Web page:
More details on Euro I-III regulations can be found in the EU heavy-duty engine standards page.

Light duty diesel vehicles
Emission standards for light-duty diesel vehicles (GVW ≤ 3,500 kg) are summarized in Table 3. Ranges of emission limits refer to different classes (by reference mass) of light commercial vehicles; compare the EU light-duty vehicle emission standards page for details on the Euro 1 and later standards. The lowest limit in each range applies to passenger cars (GVW ≤ 2,500 kg; up to 6 seats).

Table 3 Emission Standards for Light-Duty Diesel Vehicles, g/km Year Reference CO HC HC+NOx NOx PM
1992 - 17.3-32.6 2.7-3.7 - - -
1996 - 5.0-9.0 - 2.0-4.0 - -
2000 Euro 1 2.72-6.90 - 0.97-1.70 0.14-0.25 -
2005† Euro 2 1.0-1.5 - 0.7-1.2 0.08-0.17 -
2010† Euro 3 0.64
0.80
0.95 - 0.56
0.72
0.86 0.50
0.65
0.78 0.05
0.07
0.10
2010‡ Euro 4 0.50
0.63
0.74 - 0.30
0.39
0.46 0.25
0.33
0.39 0.025
0.04
0.06
† earlier introduction in selected regions, see Table 1
‡ only in selected regions, see Table 1


The test cycle has been the ECE + EUDC for low power vehicles (with maximum speed limited to 90 km/h). Before 2000, emissions were measured over an Indian test cycle.

Engines for use in light-duty vehicles can be also emission tested using an engine dynamometer. The respective emission standards are listed in Table 4.

Table 4 Emission Standards for Light-Duty Diesel Engines, g/kWh Year Reference CO HC NOx PM
1992 - 14.0 3.5 18.0 -
1996 - 11.20 2.40 14.4 -
2000 Euro I 4.5 1.1 8.0 0.36*
2005† Euro II 4.0 1.1 7.0 0.15
* 0.612 for engines below 85 kW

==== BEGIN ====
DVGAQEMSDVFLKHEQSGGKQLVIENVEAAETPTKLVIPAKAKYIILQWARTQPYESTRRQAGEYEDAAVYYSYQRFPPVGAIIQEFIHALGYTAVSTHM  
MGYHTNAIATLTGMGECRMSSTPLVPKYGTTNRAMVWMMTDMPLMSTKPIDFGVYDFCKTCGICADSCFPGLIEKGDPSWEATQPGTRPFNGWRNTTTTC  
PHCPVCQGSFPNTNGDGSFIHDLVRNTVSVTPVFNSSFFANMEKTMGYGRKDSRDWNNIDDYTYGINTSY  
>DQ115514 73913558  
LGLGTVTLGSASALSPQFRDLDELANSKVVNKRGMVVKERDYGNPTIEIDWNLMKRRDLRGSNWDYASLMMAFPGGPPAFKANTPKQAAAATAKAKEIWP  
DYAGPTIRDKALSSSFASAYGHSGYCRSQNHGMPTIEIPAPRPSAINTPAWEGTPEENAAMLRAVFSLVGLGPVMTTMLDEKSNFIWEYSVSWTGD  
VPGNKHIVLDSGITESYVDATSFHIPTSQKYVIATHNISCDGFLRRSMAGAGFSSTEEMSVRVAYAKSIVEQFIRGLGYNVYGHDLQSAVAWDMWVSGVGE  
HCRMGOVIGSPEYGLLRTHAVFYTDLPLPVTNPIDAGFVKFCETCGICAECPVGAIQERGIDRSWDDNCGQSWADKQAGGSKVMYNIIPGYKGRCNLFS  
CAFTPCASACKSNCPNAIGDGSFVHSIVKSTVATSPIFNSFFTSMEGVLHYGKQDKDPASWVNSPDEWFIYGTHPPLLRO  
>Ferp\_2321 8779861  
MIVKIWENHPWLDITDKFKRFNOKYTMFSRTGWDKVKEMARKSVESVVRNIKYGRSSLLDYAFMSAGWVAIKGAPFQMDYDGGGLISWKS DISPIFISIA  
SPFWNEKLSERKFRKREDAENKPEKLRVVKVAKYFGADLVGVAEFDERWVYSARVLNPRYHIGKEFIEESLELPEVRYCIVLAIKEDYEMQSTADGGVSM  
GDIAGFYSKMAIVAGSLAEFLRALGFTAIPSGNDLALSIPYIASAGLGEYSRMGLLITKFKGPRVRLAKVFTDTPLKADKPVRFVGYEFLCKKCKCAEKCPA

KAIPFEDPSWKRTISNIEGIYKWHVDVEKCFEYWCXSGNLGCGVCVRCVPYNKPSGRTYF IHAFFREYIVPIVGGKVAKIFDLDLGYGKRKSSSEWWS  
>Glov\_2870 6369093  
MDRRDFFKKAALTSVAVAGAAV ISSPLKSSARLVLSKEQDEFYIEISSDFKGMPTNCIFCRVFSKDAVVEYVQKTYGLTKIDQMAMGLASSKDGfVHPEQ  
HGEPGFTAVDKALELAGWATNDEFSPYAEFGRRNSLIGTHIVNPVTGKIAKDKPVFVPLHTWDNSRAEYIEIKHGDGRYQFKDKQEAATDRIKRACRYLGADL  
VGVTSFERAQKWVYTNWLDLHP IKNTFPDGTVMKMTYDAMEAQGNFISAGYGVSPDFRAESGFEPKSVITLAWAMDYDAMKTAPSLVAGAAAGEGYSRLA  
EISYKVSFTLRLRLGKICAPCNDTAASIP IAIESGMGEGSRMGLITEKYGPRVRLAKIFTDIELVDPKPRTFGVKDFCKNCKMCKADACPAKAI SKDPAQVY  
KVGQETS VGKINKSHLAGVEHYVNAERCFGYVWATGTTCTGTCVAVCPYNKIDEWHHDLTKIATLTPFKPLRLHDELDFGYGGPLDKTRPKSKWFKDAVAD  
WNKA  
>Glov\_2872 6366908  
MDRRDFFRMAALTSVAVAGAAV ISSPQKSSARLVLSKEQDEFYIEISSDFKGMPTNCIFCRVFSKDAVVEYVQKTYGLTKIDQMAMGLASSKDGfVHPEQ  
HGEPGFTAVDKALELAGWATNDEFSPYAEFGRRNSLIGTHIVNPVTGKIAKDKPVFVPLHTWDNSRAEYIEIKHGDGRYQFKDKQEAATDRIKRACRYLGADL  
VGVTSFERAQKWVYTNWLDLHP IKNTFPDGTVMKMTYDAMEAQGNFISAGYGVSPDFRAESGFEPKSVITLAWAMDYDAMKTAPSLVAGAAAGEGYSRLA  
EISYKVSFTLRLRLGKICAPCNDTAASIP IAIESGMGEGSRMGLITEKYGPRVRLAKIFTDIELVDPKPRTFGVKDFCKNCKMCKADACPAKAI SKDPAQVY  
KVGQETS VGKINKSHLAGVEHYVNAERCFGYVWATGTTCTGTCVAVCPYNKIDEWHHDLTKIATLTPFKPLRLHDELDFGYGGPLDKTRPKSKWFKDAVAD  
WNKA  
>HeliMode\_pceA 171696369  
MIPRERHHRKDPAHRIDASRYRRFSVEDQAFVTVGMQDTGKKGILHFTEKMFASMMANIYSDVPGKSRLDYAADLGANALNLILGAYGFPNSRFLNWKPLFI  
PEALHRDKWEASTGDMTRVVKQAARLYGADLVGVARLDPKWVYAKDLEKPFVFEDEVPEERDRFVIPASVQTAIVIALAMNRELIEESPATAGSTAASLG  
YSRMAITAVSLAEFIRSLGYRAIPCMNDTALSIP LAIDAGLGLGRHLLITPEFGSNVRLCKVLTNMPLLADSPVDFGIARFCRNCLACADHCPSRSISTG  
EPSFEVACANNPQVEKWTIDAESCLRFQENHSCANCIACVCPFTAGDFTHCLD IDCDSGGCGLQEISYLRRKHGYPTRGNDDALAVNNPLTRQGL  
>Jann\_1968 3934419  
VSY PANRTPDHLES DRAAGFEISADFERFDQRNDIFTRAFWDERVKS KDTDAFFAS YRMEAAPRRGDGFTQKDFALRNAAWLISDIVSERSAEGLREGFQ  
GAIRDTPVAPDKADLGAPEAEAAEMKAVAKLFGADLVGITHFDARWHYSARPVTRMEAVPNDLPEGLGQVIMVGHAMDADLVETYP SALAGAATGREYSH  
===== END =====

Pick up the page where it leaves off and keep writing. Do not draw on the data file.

† earlier introduction in selected regions, see Table 1


Light duty gasoline vehicles
4-wheel vehicles
Emissions standards for gasoline vehicles (GVW ≤ 3,500 kg) are summarized in Table 5. Ranges of emission limits refer to different classes of light commercial vehicles (compare the EU light-duty vehicle emission standards page). The lowest limit in each range applies to passenger cars (GVW ≤ 2,500 kg; up to 6 seats).

Table 5 Emission Standards for Gasoline Vehicles (GVW ≤ 3,500 kg), g/km Year Reference CO HC HC+NOx NOx
1991 - 14.3-27.1 2.0-2.9 -
1996 - 8.68-12.4 - 3.00-4.36
1998* - 4.34-6.20 - 1.50-2.18
2000 Euro 1 2.72-6.90 - 0.97-1.70
2005† Euro 2 2.2-5.0 - 0.5-0.7
2010† Euro 3 2.3
4.17
5.22 0.20
0.25
0.29 - 0.15
0.18
0.21
2010‡ Euro 4 1.0
1.81
2.27 0.1
0.13
0.16 - 0.08
0.10
0.11
* for catalytic converter fitted vehicles

† earlier introduction in selected regions, see Table 1 ‡ only in selected regions, see Table 1


Gasoline vehicles must also meet an evaporative (SHED) limit of 2 g/test (effective 2000).